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The Internet is to modern America what the post office was to the original United States. But whereas Article I, Section 8, Clause 7 of the Constitution entrusted exclusive authority over the Postal Service to Congress, the Internet is threatened with flank attacks by a cluster of states under the banner of “network neutrality.” These attacks are clearly pre-empted by the Constitution, federal statutes, and the open-market broadband policies of the Federal Communications Commission. They should also be pre-empted by wise policy and common sense: By balkanizing the regulation of national broadband service, these efforts risk either arresting important technological innovation or saddling subscribers with the costs of expanding the broadband network. State bills initially emerged late in 2006 after federal net neutrality legislation stalled and proponents reconnoitered for more promising political terrain. We’re fortunate that no state law has been enacted yet. But the continuing push for local regulation is keeping the drive for net neutrality alive. The FCC is now seeking comment on the behavior of broadband market participants and the need, if any, for additional national regulation. Comments are due June 15. WHEN NEUTRAL IS BAD “Net neutrality” is a phrase that misleads more than it informs. The policy would require broadband service providers to treat all Internet content providers the same. The hitch is that all Internet content providers are not the same. To be transmitted efficiently and effectively, different types of online content have very different needs. Simple e-mail transmissions make tiny network demands and are relatively impervious to hiccups in the system. Streaming video feed and online medical services, by contrast, use vast broadband spectrum and cannot tolerate transmission delays. Because such delays can and will occur as the Internet becomes more crowded, the more technologically complex services need to be able to contract for extra-reliable service. But net neutrality would bar giving such service guarantees — much less charging for them. In the end, consumers would lose out because they could not reliably enjoy the benefits of these online services. In theory, we could settle for a plain-vanilla broadband, reminiscent of plain-vanilla phone service, sans voice mail, sans call forwarding, sans call waiting, sans caller ID, sans everything. In practice, we cannot turn our backs on broadband development. Internet service providers have to upgrade the network. In a net-neutral world, those ISPs would be compelled to recover their costs by charging all consumers higher subscription fees. But that would force subscribers who place small demands on the network to subsidize subscribers who place much (in some cases, much, much) larger demands on the network. And the higher fees would slow — if not, indeed, defeat — the drive to make broadband service affordable and accessible to all Americans. Nevertheless, a handful of states — California, Maine, Maryland, Michigan, and New York — are flirting or have recently flirted with net neutrality legislation. If the bills move forward, broadband subscribers in these states might be deprived of high-quality services like telemedicine or online movies that those in neighboring states enjoy, creating a first cousin of the worrisome “digital divide.” Fortunately, constitutional, statutory, and regulatory pre-emption doctrines should prohibit such potluck regulation. SINK OR SWIM TOGETHER The Founding Fathers enshrined the commerce clause in the Constitution to prevent local measures from confounding national economic and communications enterprises. As the Supreme Court elaborated in Baldwin v. Seelig Inc. (1935): “The Constitution was framed . . . upon the theory that the peoples of the several states must sink or swim together, and that in the long run prosperity and salvation are in union and not division.” Even where Congress has not spoken, as the Court explained in Pike v. Bruce Church Inc. (1970), the commerce clause by itself pre-empts state legislation that imposes a burden on interstate commerce disproportionate to its putative local benefits. Broadband service providers operate a national network. Local net neutrality laws would stunt that network by, piecemeal, deterring innovation and discouraging new fiber deployment. Those evils would follow inescapably from giving certain content providers — those with huge bandwidth demands or pioneering technology requirements — a heavily subsidized ride. Indeed, permitting ISPs to charge content providers full freight may be essential to the provision of innovative services. Consider a plan to charge broadband customers $10 to watch live Major League Baseball games. The plan will work only if ISPs can first build advanced networks to guarantee a certain level of delay-free service. If the ISPs are unable to capture the revenue necessary for new construction from the baseball game purveyor and similar content providers, the plan will fail. If, instead, subscriber fees are hiked to finance the advanced network, the number of subscribers will plunge and diminish the customer base for the baseball offering. As for the alleged protections offered by net neutrality, they are an illusory firewall against a theoretical problem. Federal antitrust laws and FCC rules already prohibit broadband providers from exploiting putative network bottlenecks to acquire a competitive advantage. Those laws were more than sufficient to provide redress in the only known instance in which a network provider sought to interfere with any service. In that instance, the FCC sanctioned Madison River Communications for blocking service offered by Vonage, a Internet telephony rival, on March 3, 2005. The only possible conclusion under the Constitution is that state net neutrality laws would impose a needless burden on the national network in violation of the commerce clause. THE FEDS AGREE State net neutrality legislation would also run afoul of the mandates of Congress. Both Republicans and Democrats have championed a national goal of affordable broadband service in every home by the end of 2007. A federal law declares that “it is the policy of the United States . . . to preserve the vibrant and competitive free market that presently exists for the Internet and other interactive computer services, unfettered by Federal or State regulation.” Local net neutrality requirements would confound that open market by prohibiting a whole range of freely negotiated contracts between Internet content providers and the network operators who deliver that content to consumers. And the Supreme Court has repeatedly held that local laws must bow before conflicting congressional policies. The FCC, the federal agency entrusted by Congress with stewardship over Internet service, has supported the open-competition framework, too. In 2002, the commission concluded that “broadband services should exist in a minimal regulatory environment that promotes investment and innovation in a competitive market” and thus be shielded from the heavy-handed common-carrier rules that fettered traditional telephone service. In 2005, the agency found that broadband deployment would be advanced and broadband innovation would be accelerated if broadband service providers were permitted flexibility in fashioning commercial arrangements with particular ISPs. The FCC further maintained that local net neutrality laws requiring identical service terms and conditions for every user would impede “deployment of innovative wireline broadband services taking into account technological advances and consumer demand.” As the Supreme Court wrote in Fidelity Federal Savings & Loan Association v. De la Cuesta (1982), “federal regulations have no less pre-emptive effect than federal statutes” if they have been authorized by Congress. State laws are thus vulnerable to pre-emption if they conflict with or frustrate the purpose of a federal regulation. And it is clear that state net neutrality laws would frustrate the FCC’s regulatory decision to subject the arrangements between broadband service providers and the whole range of their customers to free and open competition and to eschew common-carrier-type obligations. The Supreme Court declared in IAM v. Wisconsin Employment Relations Commission (1976) that states are stripped of authority to regulate where federal policy intends that the activity in question be governed by the free play of economic forces. LEAVE IT TO BUSINESS If the law and the policy so clearly swing against net neutrality laws, why does the maneuvering continue? The biggest beneficiaries of such laws would be such corporate behemoths as Google, eBay, Yahoo, and Amazon.com. They are implacably against paying their fair share of the fiber-optic construction necessary to accommodate the spiraling demands on broadband service occasioned, in part, by their own spectrum-hogging operations. Robert Litan of the Brookings Institution has cogently elaborated the policy issue by comparing the charging of higher fees to all broadband users to the levying of equivalent highway taxes on double-wide trailer trucks and individual family cars: “In fact, state governments tend not to do this: they require trucks to pay taxes based on weight per axle that you and I with our cars . . . don’t pay . . . . Why should telecom companies that want to build next-generation cyber-highways be treated any differently? Shouldn’t they at least be allowed to charge data-heavy sites more than others?” Some might point out that net neutrality laws do not require flat fees; ISPs can still charge subscribers according to their online usage. But that observation does not answer the mischief. As ISPs contemplate spending billions in capital investment, they must have the freedom to experiment with a variety of pricing models. Let the free market weed out the bad plans. Google’s business, for example, pivots on a pricing scheme that charges consumers nothing while third-party advertisers pay everything — basically the same system used by over-the-air broadcasters. What if the law had insisted that the broadcast model was the only way to pay for Internet services? Think of all the technological and commercial innovation that would not have happened. There is no sensible reason to deny ISPs a corresponding choice to finance costly new broadband construction and capabilities by charging online providers or subscribers or both. Even if the constitutional objections could be overcome, the law should not force ISPs into a straightjacket at a time when agility is a keystone for innovation.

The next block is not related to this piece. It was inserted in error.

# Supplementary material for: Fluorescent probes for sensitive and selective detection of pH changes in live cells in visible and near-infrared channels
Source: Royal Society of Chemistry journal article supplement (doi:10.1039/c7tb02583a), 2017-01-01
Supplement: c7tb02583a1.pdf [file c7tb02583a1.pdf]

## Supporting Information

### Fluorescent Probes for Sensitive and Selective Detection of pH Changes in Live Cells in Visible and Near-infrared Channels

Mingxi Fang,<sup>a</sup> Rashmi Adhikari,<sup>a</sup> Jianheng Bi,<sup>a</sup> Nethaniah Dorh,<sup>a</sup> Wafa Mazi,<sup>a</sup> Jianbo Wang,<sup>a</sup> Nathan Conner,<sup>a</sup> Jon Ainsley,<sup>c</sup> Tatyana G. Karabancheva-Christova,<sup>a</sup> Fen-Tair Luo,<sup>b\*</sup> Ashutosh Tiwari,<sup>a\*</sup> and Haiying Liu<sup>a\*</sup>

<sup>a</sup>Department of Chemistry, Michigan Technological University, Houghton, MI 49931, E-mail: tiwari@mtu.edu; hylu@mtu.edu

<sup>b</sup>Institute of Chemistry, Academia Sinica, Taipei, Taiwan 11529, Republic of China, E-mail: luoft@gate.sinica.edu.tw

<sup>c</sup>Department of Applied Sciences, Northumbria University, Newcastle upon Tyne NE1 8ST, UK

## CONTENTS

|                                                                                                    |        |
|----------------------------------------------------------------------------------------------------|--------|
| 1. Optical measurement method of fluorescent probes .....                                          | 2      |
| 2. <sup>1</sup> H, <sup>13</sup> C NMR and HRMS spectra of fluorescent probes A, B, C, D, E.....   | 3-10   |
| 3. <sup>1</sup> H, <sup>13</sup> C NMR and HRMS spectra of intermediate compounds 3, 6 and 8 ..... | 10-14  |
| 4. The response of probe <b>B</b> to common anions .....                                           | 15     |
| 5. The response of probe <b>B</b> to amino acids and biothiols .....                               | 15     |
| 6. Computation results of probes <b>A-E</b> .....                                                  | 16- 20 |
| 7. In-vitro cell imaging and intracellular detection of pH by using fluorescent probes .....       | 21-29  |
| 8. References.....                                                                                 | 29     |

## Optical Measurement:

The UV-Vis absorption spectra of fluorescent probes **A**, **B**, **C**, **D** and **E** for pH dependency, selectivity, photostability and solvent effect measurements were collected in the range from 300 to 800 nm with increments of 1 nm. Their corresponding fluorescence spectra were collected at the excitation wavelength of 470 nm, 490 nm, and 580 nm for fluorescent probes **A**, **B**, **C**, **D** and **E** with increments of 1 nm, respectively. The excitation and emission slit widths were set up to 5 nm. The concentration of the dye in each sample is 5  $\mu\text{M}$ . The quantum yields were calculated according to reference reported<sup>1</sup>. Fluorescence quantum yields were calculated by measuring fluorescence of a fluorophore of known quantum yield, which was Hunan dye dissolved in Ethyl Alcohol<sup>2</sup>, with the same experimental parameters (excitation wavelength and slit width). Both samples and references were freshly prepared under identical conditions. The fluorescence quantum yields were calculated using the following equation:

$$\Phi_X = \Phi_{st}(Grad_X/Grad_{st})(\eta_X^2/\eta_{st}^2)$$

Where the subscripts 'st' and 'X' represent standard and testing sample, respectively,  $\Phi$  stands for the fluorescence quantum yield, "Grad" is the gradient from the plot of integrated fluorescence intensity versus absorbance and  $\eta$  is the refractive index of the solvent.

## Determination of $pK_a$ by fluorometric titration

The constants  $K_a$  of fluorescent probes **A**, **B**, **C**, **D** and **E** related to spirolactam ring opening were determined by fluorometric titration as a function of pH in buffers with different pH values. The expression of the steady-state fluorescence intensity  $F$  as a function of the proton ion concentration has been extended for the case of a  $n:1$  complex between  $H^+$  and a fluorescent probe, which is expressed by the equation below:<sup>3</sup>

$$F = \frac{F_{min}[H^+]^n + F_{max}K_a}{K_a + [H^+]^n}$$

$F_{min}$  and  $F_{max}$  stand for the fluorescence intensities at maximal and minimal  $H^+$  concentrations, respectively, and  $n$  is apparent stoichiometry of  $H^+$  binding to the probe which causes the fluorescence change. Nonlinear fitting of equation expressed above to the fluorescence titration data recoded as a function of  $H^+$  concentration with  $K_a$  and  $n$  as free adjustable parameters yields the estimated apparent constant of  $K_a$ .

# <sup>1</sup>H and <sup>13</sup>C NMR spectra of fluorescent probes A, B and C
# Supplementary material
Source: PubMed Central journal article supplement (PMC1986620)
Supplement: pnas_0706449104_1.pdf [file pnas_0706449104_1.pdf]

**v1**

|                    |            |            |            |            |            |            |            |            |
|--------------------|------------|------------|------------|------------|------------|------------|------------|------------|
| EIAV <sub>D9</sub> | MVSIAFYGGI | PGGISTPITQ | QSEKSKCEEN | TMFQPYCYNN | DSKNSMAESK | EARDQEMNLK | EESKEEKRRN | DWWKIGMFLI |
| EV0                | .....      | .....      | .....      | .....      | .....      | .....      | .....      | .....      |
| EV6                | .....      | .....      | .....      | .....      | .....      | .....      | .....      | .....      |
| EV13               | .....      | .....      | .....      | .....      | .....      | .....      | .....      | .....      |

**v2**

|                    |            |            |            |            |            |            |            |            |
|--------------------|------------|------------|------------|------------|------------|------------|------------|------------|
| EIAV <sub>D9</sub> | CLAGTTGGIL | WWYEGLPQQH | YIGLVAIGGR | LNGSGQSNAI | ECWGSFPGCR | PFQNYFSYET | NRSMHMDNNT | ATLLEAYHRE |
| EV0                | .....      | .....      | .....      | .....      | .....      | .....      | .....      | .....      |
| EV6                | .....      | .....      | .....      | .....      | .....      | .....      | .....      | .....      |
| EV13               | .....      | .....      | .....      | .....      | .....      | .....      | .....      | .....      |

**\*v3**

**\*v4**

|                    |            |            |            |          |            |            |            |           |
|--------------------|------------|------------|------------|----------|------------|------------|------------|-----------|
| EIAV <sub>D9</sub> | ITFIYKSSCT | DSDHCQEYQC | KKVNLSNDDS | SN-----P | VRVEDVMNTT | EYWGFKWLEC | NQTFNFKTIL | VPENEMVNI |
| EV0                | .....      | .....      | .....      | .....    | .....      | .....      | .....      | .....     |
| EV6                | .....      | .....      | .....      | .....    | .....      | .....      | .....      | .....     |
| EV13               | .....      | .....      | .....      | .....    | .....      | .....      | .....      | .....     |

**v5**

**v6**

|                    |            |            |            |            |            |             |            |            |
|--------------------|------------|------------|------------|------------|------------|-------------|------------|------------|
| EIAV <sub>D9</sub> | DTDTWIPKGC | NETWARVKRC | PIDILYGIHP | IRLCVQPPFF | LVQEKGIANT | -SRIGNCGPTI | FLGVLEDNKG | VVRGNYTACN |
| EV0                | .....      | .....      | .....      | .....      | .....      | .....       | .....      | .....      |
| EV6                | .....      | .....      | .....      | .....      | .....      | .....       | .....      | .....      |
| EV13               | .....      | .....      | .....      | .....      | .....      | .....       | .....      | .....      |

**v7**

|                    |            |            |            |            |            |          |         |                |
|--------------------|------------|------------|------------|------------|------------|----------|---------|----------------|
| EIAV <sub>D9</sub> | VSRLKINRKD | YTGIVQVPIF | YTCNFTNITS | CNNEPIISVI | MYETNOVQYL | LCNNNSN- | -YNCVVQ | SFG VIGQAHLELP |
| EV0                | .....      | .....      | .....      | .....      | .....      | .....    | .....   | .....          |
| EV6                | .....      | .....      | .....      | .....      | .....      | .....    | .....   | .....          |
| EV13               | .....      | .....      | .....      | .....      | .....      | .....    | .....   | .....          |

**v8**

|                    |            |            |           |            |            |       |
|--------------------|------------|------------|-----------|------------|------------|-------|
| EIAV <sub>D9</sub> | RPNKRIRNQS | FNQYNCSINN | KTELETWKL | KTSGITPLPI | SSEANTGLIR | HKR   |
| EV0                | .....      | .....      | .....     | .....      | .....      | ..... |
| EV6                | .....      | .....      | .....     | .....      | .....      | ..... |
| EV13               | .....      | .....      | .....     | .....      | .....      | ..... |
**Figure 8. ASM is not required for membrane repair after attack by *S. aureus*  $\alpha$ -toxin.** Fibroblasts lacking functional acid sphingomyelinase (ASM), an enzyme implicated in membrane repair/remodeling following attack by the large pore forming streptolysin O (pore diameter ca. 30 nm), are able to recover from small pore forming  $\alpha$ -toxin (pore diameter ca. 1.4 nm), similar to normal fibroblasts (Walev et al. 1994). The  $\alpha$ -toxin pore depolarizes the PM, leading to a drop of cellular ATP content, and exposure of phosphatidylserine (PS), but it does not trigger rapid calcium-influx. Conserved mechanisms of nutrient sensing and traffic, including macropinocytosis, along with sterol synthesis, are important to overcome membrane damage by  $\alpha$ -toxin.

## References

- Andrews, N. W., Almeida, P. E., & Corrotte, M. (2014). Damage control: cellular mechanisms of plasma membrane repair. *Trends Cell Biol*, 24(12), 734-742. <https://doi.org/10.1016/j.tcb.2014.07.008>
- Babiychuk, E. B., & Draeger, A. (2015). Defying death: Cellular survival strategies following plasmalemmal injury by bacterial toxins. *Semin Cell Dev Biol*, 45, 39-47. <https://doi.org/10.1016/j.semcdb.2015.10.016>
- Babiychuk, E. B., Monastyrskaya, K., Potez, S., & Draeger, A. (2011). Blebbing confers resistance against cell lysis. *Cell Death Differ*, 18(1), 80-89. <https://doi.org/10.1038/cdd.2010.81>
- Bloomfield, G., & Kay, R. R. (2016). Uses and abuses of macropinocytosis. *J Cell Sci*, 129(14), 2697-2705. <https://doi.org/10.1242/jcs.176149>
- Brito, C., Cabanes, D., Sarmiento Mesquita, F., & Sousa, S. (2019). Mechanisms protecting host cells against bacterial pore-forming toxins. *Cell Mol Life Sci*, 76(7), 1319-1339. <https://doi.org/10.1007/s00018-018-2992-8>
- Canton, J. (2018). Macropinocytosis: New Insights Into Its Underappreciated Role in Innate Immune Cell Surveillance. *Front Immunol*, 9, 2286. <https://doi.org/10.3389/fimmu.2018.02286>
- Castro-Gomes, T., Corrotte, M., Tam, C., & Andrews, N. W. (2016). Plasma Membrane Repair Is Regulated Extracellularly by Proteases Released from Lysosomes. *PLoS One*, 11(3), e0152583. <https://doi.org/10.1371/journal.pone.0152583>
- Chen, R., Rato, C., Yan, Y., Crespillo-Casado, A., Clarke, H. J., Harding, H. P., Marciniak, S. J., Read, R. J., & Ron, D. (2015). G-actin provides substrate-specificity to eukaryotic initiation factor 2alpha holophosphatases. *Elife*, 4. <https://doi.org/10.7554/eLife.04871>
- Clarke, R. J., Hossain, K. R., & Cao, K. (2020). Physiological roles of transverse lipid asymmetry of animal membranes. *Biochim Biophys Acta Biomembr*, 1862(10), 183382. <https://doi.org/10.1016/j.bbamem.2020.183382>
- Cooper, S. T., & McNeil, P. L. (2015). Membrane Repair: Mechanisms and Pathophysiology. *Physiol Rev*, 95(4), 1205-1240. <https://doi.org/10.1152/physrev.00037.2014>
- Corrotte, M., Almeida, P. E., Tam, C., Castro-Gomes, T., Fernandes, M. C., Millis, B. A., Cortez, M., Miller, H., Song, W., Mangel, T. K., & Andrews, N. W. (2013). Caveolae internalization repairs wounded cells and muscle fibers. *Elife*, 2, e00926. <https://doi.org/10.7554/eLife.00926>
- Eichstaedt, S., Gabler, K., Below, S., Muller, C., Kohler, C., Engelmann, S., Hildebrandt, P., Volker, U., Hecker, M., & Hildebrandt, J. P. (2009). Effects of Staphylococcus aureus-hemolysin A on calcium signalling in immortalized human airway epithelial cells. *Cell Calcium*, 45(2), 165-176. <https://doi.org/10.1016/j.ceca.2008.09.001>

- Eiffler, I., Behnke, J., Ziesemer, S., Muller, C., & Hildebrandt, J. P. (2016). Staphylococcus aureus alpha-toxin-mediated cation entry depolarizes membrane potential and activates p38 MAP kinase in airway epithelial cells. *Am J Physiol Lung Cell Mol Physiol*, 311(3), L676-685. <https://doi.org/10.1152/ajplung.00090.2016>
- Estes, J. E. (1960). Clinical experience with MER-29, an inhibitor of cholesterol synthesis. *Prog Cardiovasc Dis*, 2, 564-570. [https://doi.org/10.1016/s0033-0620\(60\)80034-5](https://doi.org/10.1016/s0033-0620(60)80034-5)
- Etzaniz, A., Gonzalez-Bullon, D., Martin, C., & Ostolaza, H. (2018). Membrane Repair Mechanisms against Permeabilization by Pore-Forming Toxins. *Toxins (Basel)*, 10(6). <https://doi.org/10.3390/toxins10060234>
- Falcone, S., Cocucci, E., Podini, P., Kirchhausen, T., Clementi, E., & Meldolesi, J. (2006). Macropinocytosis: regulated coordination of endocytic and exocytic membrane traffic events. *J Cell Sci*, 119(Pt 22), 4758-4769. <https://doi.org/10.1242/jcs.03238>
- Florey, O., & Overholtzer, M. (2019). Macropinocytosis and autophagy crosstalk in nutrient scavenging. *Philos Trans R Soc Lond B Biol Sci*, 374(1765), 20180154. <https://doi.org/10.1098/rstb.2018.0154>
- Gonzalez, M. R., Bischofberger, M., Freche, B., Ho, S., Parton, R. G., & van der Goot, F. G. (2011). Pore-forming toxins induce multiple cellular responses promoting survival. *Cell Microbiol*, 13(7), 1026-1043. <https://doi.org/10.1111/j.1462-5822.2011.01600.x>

Bruce Fein is an attorney specializing in constitutional and telecommunications law at D.C.’s Bruce Fein & Associates and a consultant to AT&T. He served as associate deputy attorney general and general counsel to the FCC under President Ronald Reagan.